Available on: Brainfeeder
Since his debut on Flying Lotus’s Brainfeeder label in 2011, Matthew McQueen has been prolifically releasing material on cassette through his own imprint, Leaving Records. It seemed to be the ideal medium for his work: the limitations in quality and length giving some structure to his experiments with ambient and drone. Partly for this reason, McQueen’s compositions didn’t translate as well on his first album, Outmind. As the title suggests, it was something akin to an out of body experience: a flight through LA’s smoggy skyline, tuning in and out of the city’s radio channels while cruising above. An unfortunate side-effect of this hallucinatory concept was that the album seemed to wash over you, leaving you without a distinct impression of it.
Where Outmind was an interiorised and individual perspective of urban space, In My World by comparison is an album about shared experience. On the opening title track, McQueen’s crooning reverb-heavy vocals entice you to join him in his imagined utopia. ‘Cosmic Caller’, continues with this idea, transforming the conventional telephone pop song into something much weirder by playing on the spiritualist and supernatural associations to telecommunication. The track itself, with its harmonies panning between channels and sweeping synths, evoking the sense of being lost in transmission.
‘Birds in Flight’, the album’s final track, envisions an even more abstract form of communication: “we can feed of each other’s minds tonight,” promises McQueen. One of the many moments on the album that raises the question of whether In My World is a parody or pastiche; more often than not feeling closer to the latter than the former. When played for laughs, the fortune cookie mysticism of lines like “We can only dream a dream that’s dreamt from the Mind’s Eye” works. But on other tracks, like the sickly ‘Next To You’, the gnostic spoken word becomes an altogether less appealing addition. McQueen might claim “this rap is only a fraction of what I can give”, but it’s a fraction too much.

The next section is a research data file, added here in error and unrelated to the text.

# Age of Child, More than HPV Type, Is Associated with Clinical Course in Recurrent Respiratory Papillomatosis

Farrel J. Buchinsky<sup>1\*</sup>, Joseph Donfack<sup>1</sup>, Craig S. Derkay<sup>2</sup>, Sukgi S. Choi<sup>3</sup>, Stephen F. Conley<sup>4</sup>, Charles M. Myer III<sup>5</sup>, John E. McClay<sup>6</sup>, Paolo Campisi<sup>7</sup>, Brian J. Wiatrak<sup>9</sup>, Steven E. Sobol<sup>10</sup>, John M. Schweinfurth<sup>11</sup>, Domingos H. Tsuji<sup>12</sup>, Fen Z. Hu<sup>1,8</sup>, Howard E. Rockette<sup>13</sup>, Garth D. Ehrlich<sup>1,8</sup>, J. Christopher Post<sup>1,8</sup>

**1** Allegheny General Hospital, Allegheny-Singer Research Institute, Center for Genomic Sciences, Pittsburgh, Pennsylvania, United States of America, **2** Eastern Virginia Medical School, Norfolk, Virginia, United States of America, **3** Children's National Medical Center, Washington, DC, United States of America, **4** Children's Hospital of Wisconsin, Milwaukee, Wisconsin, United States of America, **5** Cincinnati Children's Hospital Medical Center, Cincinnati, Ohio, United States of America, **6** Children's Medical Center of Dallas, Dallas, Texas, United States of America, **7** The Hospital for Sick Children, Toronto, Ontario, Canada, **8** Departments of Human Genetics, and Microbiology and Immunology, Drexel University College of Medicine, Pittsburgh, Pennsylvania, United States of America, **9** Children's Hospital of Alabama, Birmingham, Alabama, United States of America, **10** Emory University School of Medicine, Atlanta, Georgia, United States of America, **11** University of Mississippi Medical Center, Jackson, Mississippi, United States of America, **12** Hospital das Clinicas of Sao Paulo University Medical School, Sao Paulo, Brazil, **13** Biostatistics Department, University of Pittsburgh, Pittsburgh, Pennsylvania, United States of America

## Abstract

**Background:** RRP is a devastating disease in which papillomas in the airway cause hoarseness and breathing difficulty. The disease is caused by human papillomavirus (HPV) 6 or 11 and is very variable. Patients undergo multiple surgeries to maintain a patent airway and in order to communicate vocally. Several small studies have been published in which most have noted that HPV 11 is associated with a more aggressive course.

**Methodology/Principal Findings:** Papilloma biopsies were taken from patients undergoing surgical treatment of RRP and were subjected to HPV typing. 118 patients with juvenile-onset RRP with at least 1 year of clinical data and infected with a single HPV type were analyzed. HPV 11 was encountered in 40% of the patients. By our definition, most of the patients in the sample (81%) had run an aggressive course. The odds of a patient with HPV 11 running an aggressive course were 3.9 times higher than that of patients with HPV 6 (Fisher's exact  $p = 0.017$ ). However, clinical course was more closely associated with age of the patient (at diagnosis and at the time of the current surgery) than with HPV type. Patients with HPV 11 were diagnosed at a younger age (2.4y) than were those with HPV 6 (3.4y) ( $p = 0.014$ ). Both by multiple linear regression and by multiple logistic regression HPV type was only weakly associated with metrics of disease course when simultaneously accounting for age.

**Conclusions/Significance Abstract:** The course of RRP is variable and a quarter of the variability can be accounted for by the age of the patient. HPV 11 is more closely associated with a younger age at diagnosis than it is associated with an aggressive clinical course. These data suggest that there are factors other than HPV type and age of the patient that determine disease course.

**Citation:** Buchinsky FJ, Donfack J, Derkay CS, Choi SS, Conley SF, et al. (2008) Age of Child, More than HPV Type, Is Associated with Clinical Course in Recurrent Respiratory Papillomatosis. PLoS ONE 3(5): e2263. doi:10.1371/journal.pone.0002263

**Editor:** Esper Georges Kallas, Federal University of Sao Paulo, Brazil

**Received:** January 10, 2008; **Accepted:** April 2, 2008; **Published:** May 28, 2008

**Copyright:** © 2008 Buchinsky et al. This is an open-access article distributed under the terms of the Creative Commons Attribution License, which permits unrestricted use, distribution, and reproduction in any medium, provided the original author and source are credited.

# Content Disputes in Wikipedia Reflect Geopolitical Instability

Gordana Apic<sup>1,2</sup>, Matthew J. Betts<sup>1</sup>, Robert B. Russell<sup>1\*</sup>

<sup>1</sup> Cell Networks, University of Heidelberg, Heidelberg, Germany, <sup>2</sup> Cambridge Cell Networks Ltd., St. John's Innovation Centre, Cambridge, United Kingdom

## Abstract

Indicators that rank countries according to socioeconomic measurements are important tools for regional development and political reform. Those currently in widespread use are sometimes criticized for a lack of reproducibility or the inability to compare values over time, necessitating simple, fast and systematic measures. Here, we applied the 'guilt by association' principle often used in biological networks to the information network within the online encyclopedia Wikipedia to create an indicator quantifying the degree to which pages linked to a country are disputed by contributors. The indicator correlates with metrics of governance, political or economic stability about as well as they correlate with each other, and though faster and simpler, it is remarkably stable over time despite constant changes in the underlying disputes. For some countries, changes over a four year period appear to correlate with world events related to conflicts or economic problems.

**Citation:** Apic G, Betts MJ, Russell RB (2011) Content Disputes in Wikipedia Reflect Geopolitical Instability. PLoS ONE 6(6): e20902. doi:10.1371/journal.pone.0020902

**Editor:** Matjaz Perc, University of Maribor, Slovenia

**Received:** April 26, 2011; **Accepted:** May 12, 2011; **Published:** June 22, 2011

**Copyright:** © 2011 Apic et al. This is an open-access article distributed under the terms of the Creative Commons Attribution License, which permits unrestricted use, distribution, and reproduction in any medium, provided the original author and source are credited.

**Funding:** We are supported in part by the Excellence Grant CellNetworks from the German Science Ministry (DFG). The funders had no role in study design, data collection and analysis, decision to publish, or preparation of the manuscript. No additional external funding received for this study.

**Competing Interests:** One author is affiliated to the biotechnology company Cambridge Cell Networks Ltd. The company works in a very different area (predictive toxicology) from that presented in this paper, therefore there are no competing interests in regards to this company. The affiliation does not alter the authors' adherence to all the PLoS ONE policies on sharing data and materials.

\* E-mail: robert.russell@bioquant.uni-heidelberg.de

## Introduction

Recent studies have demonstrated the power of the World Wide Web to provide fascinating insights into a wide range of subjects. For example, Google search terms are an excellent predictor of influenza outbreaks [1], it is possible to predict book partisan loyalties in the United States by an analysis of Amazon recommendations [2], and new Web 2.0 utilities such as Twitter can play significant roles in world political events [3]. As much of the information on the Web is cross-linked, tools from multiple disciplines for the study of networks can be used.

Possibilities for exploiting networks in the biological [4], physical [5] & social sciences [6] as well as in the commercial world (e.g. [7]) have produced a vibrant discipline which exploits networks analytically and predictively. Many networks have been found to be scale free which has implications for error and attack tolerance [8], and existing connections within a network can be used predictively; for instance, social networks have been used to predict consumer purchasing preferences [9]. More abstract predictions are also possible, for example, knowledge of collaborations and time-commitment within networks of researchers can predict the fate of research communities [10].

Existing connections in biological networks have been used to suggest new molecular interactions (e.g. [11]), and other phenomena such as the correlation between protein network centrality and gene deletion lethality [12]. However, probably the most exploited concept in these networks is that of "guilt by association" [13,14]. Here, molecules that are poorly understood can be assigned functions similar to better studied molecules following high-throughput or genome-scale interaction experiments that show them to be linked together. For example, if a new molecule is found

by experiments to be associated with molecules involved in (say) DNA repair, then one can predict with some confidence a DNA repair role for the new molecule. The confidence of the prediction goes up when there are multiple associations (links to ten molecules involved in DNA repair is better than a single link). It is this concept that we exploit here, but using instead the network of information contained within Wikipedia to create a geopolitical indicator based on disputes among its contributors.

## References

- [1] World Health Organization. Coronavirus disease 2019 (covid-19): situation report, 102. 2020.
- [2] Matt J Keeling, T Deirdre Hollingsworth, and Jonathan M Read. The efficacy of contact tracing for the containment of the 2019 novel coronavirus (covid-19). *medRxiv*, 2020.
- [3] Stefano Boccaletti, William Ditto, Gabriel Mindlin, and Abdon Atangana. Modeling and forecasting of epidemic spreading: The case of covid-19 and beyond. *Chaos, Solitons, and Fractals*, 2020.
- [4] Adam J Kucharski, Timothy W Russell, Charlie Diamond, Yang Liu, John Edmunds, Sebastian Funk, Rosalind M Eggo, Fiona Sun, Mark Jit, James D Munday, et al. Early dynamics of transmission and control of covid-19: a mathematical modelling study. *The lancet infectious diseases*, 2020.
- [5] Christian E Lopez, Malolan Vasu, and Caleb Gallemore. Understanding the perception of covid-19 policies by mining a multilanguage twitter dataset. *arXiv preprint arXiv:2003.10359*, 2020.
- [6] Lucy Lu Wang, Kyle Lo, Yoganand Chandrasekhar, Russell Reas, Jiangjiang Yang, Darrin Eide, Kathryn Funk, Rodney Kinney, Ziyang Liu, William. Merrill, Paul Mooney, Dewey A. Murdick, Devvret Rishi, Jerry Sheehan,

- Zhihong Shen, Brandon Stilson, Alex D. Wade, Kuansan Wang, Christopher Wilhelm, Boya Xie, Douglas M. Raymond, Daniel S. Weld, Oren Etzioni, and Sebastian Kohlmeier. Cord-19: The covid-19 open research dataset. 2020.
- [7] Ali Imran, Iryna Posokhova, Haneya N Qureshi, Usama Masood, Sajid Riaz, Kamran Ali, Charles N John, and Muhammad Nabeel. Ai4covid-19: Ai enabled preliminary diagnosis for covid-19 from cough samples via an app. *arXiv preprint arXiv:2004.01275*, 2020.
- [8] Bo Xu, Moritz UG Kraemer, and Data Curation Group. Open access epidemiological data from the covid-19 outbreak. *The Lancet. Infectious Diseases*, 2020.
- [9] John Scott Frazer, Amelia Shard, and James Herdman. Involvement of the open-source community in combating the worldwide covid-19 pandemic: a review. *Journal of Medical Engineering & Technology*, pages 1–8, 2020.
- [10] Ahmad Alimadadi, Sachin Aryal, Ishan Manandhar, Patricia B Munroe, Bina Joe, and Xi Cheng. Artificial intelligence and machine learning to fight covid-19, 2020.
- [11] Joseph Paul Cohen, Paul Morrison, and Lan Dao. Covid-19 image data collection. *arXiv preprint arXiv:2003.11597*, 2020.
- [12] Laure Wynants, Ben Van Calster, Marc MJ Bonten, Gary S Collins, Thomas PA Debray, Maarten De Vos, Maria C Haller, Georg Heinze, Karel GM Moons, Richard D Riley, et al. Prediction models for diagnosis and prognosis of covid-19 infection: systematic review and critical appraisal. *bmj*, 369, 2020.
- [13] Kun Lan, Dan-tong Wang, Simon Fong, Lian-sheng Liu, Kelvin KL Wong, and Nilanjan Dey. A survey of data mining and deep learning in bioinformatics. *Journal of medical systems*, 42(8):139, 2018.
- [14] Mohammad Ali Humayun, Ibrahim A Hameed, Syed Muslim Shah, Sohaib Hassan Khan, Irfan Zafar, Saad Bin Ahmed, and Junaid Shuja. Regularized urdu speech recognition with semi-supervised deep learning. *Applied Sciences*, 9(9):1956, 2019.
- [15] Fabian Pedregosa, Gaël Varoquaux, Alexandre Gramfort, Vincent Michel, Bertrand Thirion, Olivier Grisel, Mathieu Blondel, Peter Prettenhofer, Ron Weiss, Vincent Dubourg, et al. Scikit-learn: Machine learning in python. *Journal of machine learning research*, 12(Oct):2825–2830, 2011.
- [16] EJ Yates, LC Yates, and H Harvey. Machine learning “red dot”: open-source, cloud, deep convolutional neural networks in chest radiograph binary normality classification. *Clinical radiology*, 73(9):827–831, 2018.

Although his beat tapes have flirted with the aesthetics and sounds of New Age in the past, McQueen’s transformation on In My World into a half-singing half-rapping New Age guru is nevertheless unexpected. Behind all the references to third eyes and meditations on the power of love, McQueen once again demonstrates his skill in building layer upon layer of mind-bending instrumentals. It’s unfortunate, then, that the album’s vocal-led tracks are also the least interesting in terms of their production. ‘Perpetual Moon Moods’ – in which Noah Lennox’s (of Animal Collective and Panda Bear) vocals filter through a dense arrangement of bass, snares and a sleazy brass motif – the only exception. Following Outmind, McQueen’s cassette releases allowed him space to experiment while checking the excesses of his full-length releases. In My World is a counterpoint to McQueen’s recent work: while the introduction of vocals reveals another side to Matthewdavid, the humour – too often overplayed – is its weakness element.